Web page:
The new issue of Uncut – in shops now or available to buy online by clicking here, with no delivery charges for the UK – features an astonishing oral history of The Clash’s 17-date residency at Bond International Casino in New York, during which they caused riots in Times Square, went clubbing with Robert De Niro and kicked off a “punky hip-hop thing” with the city’s newest underground scene. Here’s a little taster:
DON LETTS (DJ/filmmaker): They were like four sticks of dynamite on stage. It was a beautiful thing to see these guys in sync. Off stage there was some friction here and there – a clash of identities, because they were very different people – but on stage it was like the whole Magnificent Seven thing. You do the fucking job. You draw fast, shoot straight and don’t hit the bystanders.
CHRIS SALEWICZ (NME journalist): I hadn’t seen The Clash for some time and I was stunned by their energy on stage. They were really firing, I’d never seen them as good or as powerful. I was there for about nine shows and the whole thing was just steaming. It was all part of how they just took New York. You’d turn on the TV and there’d be Joe and Paul, like some kind of royalty.
JOE ELY (singer-songwriter and guest artist): The sheer power of those shows blew everybody away. Of course the songs were good, but they were showing no mercy. That got around town, which only made the mayhem bigger and louder than it already was. Then there was the social scene that always goes with music events like that. Afterwards everyone would hang out at the Gramercy Park Hotel or another one down on 8th Street. Or the Chelsea Hotel, which was Joe’s favourite because it had so much history.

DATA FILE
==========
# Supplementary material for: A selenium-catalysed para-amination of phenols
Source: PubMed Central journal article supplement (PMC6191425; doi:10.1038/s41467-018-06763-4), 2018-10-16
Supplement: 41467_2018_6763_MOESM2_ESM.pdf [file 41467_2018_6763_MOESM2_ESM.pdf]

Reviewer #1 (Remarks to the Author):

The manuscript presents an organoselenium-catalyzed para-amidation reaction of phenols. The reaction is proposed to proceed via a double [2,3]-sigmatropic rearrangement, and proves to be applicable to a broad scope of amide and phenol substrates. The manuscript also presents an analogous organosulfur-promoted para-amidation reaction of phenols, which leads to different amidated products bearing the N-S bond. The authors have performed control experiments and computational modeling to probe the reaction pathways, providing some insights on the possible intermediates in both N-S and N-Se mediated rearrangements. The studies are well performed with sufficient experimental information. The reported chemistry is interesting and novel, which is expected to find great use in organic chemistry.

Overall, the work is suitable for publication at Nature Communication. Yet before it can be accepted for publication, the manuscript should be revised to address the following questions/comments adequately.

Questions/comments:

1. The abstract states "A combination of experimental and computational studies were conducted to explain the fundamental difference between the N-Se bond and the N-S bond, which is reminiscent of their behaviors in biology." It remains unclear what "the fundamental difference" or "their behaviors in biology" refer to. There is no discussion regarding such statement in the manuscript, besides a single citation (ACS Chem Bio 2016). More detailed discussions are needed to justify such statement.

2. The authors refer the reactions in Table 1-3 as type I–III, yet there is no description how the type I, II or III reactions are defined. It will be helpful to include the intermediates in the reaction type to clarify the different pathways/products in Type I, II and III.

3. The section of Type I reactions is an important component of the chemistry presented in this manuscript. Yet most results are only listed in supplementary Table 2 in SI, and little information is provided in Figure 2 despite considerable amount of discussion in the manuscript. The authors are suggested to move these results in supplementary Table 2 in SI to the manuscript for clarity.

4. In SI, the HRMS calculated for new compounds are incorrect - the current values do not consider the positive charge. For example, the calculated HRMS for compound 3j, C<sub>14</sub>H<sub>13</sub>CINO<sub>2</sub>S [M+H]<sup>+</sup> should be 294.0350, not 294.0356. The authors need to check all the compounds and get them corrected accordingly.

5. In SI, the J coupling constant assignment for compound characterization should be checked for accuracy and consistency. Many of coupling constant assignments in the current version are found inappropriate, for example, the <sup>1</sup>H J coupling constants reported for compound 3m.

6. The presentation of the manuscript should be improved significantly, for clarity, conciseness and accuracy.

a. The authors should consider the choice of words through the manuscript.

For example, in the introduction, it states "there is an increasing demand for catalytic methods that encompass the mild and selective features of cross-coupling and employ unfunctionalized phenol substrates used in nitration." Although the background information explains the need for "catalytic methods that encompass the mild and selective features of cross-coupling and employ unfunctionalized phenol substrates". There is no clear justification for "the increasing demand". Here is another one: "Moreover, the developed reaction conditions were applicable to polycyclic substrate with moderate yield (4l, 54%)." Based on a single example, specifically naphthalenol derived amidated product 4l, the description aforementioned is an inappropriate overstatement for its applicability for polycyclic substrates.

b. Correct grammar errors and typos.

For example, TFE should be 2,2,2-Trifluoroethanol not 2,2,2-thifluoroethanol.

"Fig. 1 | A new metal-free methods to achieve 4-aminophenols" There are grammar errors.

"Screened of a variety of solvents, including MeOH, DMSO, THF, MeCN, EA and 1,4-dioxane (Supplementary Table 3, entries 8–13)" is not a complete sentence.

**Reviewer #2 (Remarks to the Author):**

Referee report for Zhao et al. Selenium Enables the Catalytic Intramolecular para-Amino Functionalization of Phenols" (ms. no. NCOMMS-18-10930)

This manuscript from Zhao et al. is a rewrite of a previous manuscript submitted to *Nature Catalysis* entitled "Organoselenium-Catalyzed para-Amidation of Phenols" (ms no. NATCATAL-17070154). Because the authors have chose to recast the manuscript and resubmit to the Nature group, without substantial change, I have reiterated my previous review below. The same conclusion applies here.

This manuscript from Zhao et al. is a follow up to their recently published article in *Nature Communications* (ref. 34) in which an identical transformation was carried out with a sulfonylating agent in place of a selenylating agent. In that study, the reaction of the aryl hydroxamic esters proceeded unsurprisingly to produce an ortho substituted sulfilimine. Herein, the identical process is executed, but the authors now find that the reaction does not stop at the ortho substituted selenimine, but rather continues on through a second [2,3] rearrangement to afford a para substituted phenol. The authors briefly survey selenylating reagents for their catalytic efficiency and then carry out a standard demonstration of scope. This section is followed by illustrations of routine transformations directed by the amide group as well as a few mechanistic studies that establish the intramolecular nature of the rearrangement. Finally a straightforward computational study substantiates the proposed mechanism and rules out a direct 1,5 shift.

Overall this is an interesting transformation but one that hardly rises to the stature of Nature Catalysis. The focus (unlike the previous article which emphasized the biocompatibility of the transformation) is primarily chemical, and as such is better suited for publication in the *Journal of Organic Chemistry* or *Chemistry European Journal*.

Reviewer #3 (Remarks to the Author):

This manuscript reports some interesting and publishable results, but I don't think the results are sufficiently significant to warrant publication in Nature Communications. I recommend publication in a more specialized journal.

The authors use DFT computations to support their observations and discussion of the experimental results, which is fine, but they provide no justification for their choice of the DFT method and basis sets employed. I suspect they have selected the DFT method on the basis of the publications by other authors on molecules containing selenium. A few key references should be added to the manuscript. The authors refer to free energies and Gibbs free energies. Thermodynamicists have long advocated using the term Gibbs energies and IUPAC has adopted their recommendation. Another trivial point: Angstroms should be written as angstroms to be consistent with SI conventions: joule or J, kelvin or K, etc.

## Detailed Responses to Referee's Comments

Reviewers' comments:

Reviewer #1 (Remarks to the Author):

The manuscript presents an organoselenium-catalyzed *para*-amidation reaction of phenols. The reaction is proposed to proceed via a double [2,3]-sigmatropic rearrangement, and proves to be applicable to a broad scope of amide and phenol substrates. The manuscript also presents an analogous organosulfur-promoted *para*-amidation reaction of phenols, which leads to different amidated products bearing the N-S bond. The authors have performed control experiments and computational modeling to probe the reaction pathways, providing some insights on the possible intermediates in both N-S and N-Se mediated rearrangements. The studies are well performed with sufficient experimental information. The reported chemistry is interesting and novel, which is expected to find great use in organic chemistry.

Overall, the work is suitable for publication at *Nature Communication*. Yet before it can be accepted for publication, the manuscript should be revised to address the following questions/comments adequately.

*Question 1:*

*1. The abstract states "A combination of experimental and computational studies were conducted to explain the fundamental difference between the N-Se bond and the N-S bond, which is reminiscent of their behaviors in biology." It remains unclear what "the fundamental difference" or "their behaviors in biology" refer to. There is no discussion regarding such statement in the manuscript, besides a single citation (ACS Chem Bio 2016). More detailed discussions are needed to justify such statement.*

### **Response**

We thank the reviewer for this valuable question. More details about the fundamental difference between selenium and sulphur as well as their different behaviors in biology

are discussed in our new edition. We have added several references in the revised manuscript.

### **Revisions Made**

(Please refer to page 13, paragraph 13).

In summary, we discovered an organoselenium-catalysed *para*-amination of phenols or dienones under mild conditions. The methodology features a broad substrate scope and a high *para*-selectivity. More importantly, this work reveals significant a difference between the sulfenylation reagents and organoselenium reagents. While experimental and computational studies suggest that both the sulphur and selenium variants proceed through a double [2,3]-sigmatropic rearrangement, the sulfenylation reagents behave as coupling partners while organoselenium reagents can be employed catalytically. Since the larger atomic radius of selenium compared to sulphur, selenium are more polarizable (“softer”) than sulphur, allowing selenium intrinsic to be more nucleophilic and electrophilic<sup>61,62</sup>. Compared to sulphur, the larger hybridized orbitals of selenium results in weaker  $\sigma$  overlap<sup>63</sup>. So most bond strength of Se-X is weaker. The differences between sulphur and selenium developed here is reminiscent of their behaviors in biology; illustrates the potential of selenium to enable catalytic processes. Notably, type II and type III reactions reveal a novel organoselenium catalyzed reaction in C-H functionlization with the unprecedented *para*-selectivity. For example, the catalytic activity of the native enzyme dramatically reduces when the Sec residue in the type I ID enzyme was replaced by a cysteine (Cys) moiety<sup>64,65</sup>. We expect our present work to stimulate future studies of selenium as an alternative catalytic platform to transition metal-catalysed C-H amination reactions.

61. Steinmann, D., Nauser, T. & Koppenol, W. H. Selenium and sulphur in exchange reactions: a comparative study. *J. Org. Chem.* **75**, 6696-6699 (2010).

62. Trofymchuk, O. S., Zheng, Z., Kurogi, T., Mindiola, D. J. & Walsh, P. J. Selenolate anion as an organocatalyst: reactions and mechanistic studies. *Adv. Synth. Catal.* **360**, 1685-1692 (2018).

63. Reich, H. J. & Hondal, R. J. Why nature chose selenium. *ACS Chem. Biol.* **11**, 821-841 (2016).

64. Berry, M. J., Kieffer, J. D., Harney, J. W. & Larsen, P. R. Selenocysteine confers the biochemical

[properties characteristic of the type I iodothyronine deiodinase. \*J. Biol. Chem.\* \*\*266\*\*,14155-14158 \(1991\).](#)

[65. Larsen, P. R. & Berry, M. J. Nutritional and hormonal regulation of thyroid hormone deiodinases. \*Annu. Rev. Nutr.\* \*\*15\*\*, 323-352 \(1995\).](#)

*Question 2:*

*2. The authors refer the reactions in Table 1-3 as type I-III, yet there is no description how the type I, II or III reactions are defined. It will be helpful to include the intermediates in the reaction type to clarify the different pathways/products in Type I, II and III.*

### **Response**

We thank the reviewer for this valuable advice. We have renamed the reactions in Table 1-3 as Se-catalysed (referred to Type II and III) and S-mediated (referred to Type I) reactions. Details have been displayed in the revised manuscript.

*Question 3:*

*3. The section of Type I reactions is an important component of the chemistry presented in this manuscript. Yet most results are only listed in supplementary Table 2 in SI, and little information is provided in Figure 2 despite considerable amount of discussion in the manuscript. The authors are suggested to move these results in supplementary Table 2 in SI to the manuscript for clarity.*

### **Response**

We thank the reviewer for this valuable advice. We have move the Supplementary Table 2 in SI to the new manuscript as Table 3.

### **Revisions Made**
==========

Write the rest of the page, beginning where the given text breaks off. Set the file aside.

CHRIS SALEWICZ: There was a bar across the road from Bond’s called Tin Pan Alley, which had been used for one of the scenes in Raging Bull. That became Clash Central for three weeks. Joe and Kosmo [Vinyl, The Clash’s right-hand man] would hang out there. It was run by a lesbian bankrobber, which all added to the weirdness. At one point I remember meeting Robert De Niro and Martin Scorsese, who both thought the whole Bond’s thing was fantastic. That’s how The Clash’s appearance in The King Of Comedy came about. One night, Mick threw a birthday party for [girlfriend] Ellen Foley at Interferon. I remember looking over at Joe and Mick and they just seemed like blood brothers, really tight. They were really enjoying themselves in New York.
DON LETTS: There was a club called Negril that we all used to go to, where Kosmo used to DJ. That’s where we met Rick Rubin, The Beastie Boys, Russell Simmons and Afrika Bambaataa.
PEARL HARBOUR (DJ/singer): The Beastie Boys would be drinking backstage and smoking. They were so young then, just funny guys who were all bowled over by The Clash. John Lydon was a good friend of Paul’s at that time, so he was with us a lot. We’d go to lots of different bars, drinking cocktails we’d never heard of, like Brandy Alexanders – chocolate milkshake with brandy.
PENNIE SMITH (photographer): Everybody popped in all the time, it was mayhem being around The Clash. I remember Scorsese having an oxygen cylinder sitting on the settee. I think he was asthmatic. I took a picture of De Niro talking to Strummer. He was just as much a fan of Joe’s as the other way round. It was a sort of parallel universe.
PEARL HARBOUR: De Niro and Scorsese came out with us a couple of times. Scorsese took us to a really posh Indian restaurant with [then-wife] Isabella Rossellini. When we were all sitting down for dinner, Joe said to Isabella: “Does everybody tell you that you look just like Ingrid Berman?” She said, “Yeah, that’s my mother.” Joe got so embarrassed, because he didn’t know. That was sweet. She and Scorsese thought it was cute. De Niro took us out clubbing one night and also gave us free tickets for a boxing match. He had these fancy $100 seats. I think he just wanted to show us a good time. He became a friend after that. He and Christopher Walken came to visit us in London not long after. We took them out with Joe and Kosmo and all got drunk at Gaz’s Rockin’ Blues. That all happened because of New York.